From Everything Shii Knows, the only reliable source

This website is an archive. It ran from 2006-2010. Virtually everything on here is outdated or inaccurate.

Milk protein concentrates (MPCs) are legally inedible, dirty milk byproducts imported from foreign countries and used in Kraft Macaroni & Cheese and other processed food products. The FDA does not recognize MPCs as "food" and does not inspect them, and the USDA do not include MPCs in their food calculations, but American corporations synthesize MPCs into food all the time.

We have searched our files and find no responsive information for scientific studies on human safety and consumption of ultra filtered milk/milk protein concentrates.
FDA FOIA FO3-8050 to John Bunting (August 13, 2003)


Are MPCs safe to eat?

MPCs are not "Generally Recognized As Safe" by the FDA-- rather, they simply pass through our borders uninspected. MPCs are made from leftover milk. MPCs are imported from countries with lower food standards than the United States. Hmm, I dunno... you figure this out.

Industry rebuttal:

Because milk protein concentrate is simply filtered, there is nothing in it that doesn't come solely from milk. There are no known health or safety issues associated with milk, milk protein concentrate, or any other milk ingredient. Milk derived products are safe and suitable for human consumption because, as we are sure your readers recognize, for years milk has been recognized as safe and suitable for human consumption.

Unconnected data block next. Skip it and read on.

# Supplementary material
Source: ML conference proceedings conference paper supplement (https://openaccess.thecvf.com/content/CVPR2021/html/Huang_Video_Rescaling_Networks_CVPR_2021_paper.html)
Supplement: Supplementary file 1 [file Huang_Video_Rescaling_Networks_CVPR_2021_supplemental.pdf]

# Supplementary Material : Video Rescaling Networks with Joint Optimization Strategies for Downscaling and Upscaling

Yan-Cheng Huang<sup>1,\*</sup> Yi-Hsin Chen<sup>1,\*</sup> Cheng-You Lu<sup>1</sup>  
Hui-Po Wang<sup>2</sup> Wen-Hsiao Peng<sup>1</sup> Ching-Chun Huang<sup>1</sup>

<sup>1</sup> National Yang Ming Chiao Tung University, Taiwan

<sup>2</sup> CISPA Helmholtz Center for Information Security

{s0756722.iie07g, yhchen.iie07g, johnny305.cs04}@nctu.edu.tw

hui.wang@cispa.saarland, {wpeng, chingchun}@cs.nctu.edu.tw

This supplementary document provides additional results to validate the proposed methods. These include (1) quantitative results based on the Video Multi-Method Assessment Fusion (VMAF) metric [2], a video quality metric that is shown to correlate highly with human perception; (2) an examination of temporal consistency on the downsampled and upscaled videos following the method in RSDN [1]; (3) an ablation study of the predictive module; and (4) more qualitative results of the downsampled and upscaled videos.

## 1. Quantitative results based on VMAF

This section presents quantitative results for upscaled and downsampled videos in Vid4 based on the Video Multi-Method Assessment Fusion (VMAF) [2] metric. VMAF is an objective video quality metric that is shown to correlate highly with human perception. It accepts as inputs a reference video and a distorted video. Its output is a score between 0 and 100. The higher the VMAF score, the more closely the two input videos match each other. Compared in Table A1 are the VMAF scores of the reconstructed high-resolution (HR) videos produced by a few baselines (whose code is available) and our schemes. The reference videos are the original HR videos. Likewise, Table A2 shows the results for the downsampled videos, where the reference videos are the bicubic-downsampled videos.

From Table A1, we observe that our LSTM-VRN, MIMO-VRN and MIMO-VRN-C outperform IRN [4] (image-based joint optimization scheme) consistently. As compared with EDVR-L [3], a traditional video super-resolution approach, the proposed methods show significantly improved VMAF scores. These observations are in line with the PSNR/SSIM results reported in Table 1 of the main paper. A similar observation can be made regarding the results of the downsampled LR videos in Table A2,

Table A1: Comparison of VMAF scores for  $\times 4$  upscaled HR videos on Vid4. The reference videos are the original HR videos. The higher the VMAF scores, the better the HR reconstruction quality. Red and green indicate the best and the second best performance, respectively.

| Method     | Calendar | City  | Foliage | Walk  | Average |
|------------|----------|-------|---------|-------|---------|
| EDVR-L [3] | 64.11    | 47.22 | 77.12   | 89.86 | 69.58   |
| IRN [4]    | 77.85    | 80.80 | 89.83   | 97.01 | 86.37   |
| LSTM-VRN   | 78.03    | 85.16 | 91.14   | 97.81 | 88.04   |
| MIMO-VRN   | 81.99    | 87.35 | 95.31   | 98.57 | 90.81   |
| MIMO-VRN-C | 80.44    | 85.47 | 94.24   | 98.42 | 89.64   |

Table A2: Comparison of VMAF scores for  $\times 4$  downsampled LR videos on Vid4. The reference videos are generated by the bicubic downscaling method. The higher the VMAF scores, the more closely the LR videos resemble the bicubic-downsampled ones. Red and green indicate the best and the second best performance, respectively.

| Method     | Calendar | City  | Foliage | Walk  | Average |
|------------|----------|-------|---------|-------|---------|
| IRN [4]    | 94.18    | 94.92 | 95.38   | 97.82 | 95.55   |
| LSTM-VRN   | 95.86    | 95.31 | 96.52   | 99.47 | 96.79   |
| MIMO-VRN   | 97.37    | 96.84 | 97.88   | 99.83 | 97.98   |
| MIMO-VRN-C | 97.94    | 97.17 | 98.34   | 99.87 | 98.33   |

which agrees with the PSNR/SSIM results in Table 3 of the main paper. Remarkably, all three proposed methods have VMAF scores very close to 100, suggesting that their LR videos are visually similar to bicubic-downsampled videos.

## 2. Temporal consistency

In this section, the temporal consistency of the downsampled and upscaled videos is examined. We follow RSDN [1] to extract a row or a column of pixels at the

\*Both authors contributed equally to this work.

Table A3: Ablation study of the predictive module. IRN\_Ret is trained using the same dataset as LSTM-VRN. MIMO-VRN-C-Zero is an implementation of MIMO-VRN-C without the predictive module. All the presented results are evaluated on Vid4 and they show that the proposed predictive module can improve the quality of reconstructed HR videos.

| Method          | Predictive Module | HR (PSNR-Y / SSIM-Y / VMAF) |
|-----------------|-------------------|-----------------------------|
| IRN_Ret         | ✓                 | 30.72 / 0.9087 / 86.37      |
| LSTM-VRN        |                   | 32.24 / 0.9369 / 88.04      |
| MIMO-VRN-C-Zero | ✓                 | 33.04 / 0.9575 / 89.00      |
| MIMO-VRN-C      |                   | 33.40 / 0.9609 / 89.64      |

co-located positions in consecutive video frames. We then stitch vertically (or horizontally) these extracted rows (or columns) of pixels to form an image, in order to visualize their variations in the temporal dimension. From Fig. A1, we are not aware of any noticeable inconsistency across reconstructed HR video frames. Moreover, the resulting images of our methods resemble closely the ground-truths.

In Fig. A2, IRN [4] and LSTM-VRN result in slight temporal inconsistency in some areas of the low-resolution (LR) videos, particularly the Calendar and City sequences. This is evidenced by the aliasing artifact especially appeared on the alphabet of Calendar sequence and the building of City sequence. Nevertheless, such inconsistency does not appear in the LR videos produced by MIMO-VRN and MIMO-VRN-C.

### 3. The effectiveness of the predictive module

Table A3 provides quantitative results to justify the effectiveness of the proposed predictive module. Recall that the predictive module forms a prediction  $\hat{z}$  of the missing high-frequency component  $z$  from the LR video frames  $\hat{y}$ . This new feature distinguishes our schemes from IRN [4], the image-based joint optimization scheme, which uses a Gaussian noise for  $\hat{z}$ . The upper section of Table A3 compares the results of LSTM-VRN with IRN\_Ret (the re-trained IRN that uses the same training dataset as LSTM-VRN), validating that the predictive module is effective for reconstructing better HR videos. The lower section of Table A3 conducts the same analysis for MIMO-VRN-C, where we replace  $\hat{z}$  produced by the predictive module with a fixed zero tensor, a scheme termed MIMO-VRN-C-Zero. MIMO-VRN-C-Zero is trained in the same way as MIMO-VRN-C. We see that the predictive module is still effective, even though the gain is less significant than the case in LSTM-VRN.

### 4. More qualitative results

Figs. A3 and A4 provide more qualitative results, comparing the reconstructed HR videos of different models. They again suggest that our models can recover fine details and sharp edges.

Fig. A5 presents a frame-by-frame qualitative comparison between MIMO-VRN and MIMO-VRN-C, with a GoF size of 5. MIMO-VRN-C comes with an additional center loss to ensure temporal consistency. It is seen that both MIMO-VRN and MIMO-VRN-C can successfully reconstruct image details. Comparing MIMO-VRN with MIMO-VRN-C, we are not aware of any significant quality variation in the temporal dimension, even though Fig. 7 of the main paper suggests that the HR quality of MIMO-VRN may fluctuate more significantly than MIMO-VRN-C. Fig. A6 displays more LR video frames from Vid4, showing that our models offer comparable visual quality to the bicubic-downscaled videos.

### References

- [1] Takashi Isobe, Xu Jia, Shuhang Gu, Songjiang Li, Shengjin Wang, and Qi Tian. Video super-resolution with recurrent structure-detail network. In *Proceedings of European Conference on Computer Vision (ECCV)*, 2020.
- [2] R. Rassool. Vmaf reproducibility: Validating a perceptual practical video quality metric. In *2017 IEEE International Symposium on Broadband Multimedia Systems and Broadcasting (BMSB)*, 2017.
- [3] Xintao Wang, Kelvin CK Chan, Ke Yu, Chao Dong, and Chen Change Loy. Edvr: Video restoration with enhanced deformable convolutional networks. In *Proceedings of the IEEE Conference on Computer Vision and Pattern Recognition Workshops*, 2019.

Kraft Foods, letter to The Milkweed, January 2001

Some sample health and safety issues associated with milk: Listeria, tuberculosis, Staphylococcus aureus, salmonella, E. coli O157:H7, Crohn's Disease.

Where MPCs come from

Since MPCs are unregulated they can come from fun places like the Chernobyl blast site. Not kidding. "Ovruch Milk Canning Integrated Works" in Ukraine sells MPC to various US producers. Even China rejects this radioactive milk powder (see The Milkweed, Nov-Dec 1999). Yet these carcinogen MPCs are used in infant formula!

How MPCs are made

There is no standard way of making MPC. There is no list of ingredients or approved process. MPC is anything.

Industry rebuttal:

Like many other factors affecting dairy economics, it's hard to get a handle on the impact of MPCs without having at least a little technical background. Milk protein concentrate is simply skim milk, filtered through a series of membranes which separate out most of the water, lactose and other nonfat milk solids. The remaining concentrate, which can be further dried into a powdered form, is used in a variety of food and non-food applications because of the protein value it offers. MPC is used to enhance the protein level of pet foods, sports beverages, energy bars-- and it can also be used in the production of some cheeses.
Jerry Kozack, National Milk Producers Federation

Reality: There is no standard FDA definition of MPC. MPC could be and legally is anything.

The food industry generally expects MPCs to be made with old milk and ultrafiltration. According to an experiment done by Dr. W. James Harper at Ohio State University's Department of Food Science, filtration causes protein polymerization. Mmm... plastic.

What's the result?

Kraft calls it "Mac & Cheese" or "Singles", i.e., single slices of cheese. The FDA turns a blind eye to labels equating MPCs with cheese or milk. But what are they legally?

"Prepared Cheese Product".

Think about that for a minute. Anything that originates in cheese is technically a cheese product. Mold is a cheese product.

Do you feel safe eating your EasyMac now?

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